Working out with depression

SAMHSA’s National Helpline | SAMHSA

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  • SAMHSA’s National Helpline is a free, confidential, 24/7, 365-day-a-year treatment referral and information service (in English and Spanish) for individuals and families facing mental and/or substance use disorders.

    Also visit the online treatment locator.

SAMHSA’s National Helpline, 1-800-662-HELP (4357) (also known as the Treatment Referral Routing Service), or TTY: 1-800-487-4889 is a confidential, free, 24-hour-a-day, 365-day-a-year, information service, in English and Spanish, for individuals and family members facing mental and/or substance use disorders. This service provides referrals to local treatment facilities, support groups, and community-based organizations.

Also visit the online treatment locator, or send your zip code via text message: 435748 (HELP4U) to find help near you. Read more about the HELP4U text messaging service.

The service is open 24/7, 365 days a year.

English and Spanish are available if you select the option to speak with a national representative. Currently, the 435748 (HELP4U) text messaging service is only available in English.

In 2020, the Helpline received 833,598 calls. This is a 27 percent increase from 2019, when the Helpline received a total of 656,953 calls for the year.

The referral service is free of charge. If you have no insurance or are underinsured, we will refer you to your state office, which is responsible for state-funded treatment programs. In addition, we can often refer you to facilities that charge on a sliding fee scale or accept Medicare or Medicaid. If you have health insurance, you are encouraged to contact your insurer for a list of participating health care providers and facilities.

The service is confidential. We will not ask you for any personal information. We may ask for your zip code or other pertinent geographic information in order to track calls being routed to other offices or to accurately identify the local resources appropriate to your needs.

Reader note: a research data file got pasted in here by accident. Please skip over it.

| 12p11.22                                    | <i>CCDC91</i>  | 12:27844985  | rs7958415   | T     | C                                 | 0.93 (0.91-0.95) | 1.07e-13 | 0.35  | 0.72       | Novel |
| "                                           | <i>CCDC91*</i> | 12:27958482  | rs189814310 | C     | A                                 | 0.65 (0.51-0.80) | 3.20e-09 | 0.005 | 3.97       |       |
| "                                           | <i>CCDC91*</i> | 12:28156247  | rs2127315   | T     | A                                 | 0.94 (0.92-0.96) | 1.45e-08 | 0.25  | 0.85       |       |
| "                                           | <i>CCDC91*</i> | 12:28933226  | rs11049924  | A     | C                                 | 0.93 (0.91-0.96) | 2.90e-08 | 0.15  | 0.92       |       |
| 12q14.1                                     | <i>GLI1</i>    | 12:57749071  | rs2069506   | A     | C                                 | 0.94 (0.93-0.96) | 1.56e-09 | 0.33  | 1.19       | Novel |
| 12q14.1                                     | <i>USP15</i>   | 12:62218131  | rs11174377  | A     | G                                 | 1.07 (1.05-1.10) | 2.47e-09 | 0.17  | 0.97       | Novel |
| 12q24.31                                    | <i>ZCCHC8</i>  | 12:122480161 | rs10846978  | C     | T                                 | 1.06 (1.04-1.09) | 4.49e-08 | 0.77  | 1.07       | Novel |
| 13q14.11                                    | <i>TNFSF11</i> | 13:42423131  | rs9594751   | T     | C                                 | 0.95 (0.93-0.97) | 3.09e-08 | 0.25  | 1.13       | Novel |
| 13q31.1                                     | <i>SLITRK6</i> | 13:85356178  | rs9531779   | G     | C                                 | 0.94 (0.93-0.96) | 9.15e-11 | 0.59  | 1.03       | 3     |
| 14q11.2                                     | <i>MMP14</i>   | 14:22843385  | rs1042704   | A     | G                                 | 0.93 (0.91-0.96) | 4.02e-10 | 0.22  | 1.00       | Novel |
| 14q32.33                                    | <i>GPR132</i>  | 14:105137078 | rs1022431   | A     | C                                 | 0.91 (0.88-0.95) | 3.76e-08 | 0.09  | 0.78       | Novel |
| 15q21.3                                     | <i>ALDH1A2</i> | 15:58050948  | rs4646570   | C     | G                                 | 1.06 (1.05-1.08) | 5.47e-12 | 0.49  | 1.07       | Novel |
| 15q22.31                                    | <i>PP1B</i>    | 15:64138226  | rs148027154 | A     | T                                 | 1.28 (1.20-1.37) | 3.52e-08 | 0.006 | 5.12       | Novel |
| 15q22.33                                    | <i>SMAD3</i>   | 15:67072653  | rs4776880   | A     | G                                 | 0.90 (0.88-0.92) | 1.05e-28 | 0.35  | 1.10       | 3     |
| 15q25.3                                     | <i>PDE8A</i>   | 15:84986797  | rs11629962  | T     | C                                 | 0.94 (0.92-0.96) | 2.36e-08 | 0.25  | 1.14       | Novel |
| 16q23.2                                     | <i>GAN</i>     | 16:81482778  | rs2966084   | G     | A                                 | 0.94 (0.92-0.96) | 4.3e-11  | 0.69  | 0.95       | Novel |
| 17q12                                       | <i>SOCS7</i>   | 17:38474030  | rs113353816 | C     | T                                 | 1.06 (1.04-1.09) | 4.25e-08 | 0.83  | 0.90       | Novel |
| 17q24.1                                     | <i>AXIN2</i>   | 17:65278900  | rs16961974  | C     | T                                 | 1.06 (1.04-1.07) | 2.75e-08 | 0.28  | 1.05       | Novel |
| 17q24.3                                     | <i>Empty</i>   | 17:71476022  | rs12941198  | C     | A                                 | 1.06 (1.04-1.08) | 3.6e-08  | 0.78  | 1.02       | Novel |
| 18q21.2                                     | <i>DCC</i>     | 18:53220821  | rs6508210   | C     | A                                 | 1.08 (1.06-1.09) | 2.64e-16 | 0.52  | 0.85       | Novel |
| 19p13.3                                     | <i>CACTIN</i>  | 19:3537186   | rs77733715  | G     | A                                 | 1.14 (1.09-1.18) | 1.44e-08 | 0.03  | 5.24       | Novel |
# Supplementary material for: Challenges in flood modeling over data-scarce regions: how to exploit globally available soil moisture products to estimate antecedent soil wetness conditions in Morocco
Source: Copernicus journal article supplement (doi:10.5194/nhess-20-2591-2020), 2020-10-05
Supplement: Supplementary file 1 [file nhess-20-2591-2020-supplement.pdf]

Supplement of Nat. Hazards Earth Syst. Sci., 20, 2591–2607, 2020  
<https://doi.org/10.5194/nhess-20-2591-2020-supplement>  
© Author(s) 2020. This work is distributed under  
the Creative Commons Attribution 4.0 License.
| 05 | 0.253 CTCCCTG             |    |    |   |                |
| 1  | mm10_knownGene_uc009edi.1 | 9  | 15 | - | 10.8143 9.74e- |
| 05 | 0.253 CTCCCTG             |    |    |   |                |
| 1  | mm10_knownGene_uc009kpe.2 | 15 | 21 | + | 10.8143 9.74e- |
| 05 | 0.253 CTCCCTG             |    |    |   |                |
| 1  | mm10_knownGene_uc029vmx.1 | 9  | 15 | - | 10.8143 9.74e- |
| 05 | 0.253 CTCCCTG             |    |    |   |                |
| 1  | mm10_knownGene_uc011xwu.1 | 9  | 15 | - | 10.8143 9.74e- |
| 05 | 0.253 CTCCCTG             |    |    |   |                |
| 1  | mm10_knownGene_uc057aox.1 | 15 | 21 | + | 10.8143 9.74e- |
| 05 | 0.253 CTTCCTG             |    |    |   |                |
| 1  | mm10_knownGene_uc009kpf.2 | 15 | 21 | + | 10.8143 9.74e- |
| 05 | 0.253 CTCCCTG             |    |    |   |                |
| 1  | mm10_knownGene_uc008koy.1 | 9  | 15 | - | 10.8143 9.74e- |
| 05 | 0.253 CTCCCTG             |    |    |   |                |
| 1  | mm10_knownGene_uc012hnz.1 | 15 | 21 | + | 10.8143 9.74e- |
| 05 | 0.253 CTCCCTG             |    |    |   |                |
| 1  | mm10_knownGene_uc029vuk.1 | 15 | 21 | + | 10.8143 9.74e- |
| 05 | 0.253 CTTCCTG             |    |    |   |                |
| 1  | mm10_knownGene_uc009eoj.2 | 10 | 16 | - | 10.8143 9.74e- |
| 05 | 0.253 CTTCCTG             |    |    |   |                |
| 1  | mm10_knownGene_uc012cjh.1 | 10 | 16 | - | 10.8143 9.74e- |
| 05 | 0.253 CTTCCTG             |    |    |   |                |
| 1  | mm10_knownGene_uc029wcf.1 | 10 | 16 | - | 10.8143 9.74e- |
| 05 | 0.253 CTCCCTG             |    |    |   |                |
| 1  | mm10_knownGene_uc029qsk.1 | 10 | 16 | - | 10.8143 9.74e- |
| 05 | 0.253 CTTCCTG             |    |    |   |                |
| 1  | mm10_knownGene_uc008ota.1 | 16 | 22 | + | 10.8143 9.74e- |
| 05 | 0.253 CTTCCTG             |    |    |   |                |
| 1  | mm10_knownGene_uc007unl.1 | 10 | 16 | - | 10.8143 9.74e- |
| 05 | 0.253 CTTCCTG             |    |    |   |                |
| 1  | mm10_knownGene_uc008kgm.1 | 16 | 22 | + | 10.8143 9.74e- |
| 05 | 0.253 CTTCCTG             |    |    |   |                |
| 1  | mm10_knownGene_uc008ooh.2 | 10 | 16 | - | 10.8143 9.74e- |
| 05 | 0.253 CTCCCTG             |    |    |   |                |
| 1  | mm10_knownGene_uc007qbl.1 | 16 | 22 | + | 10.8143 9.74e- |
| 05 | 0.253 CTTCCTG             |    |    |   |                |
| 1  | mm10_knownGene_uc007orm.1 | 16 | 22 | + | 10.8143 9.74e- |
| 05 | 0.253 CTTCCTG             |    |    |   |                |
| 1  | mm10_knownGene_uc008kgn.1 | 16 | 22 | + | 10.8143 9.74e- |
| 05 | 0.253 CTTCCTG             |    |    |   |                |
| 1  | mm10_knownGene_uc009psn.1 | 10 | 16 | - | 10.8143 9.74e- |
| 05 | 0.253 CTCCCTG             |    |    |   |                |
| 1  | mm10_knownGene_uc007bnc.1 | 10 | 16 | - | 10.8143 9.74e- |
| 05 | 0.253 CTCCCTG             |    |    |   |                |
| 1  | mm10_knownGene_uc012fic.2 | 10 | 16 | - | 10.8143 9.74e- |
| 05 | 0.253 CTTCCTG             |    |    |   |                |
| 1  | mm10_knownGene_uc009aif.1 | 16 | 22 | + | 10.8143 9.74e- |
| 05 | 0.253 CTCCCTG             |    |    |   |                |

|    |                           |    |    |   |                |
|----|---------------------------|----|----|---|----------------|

No, we do not provide counseling. Trained information specialists answer calls, transfer callers to state services or other appropriate intake centers in their states, and connect them with local assistance and support.

  • Suggested Resources

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    Assures teens with parents who abuse alcohol or drugs that, "It's not your fault!" and that they are not alone. Encourages teens to seek emotional support from other adults, school counselors, and youth support groups such as Alateen, and provides a resource list.

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    Aids family members in coping with the aftermath of a relative's suicide attempt. Describes the emergency department treatment process, lists questions to ask about follow-up treatment, and describes how to reduce risk and ensure safety at home.

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    For additional resources, please visit the SAMHSA Store.

Last Updated: 08/30/2022

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Strategies for working with depression in Gestalt therapy

A strategy for the therapeutic transformation of relationships with depression, or why hamsters prefer to live in cages.

- You live like a pig, master!
- I was depressed.
- So it's depression, not paralysis...

M. Weller

No matter how much people now talk about the fact that depression has become a common occurrence in our day, this does not at all alleviate its painful symptoms. No matter how well it is diagnosed and no matter how much work is published on the nature of depression, it is almost impossible for a person in this grave condition to get out of it on their own.

Almost. And this is good news! We can only do what is possible for us, and the impossible will catch up. I want to clarify my point - in a large number of cases, depression can be dealt with on your own, and - which makes the task easier - with the help of a psychologist, for example, a Gestalt therapist.

So what is possible for a depressed person? What is impossible? The simplest answer that can come to mind for a person who is depressed for most of the day, has lost interest and the ability to enjoy, feels tired and loses energy almost daily is: “Lie down and die.” Paradoxically, this is the answer to both questions. A person in this state can neither cope with sadness and depression, regaining his joy and interest in life, nor finally come to terms with his worthlessness, weakness, guilt, helplessness ... It turns out that “lying and dying” is at the same time possible and impossible.

I hope to return to the topic of the benefits of facilitation and process transformation in another article. In the meantime, I remember the old logical puzzle about an indestructible pillar and an all-destroying core. What will happen if they meet?
In search of an answer to this question, your mind will become more and more entangled, you will be more and more firmly established in the vicious circle of your own stereotypes of thinking, if ... Let's leave the question open for now and return to this a little later.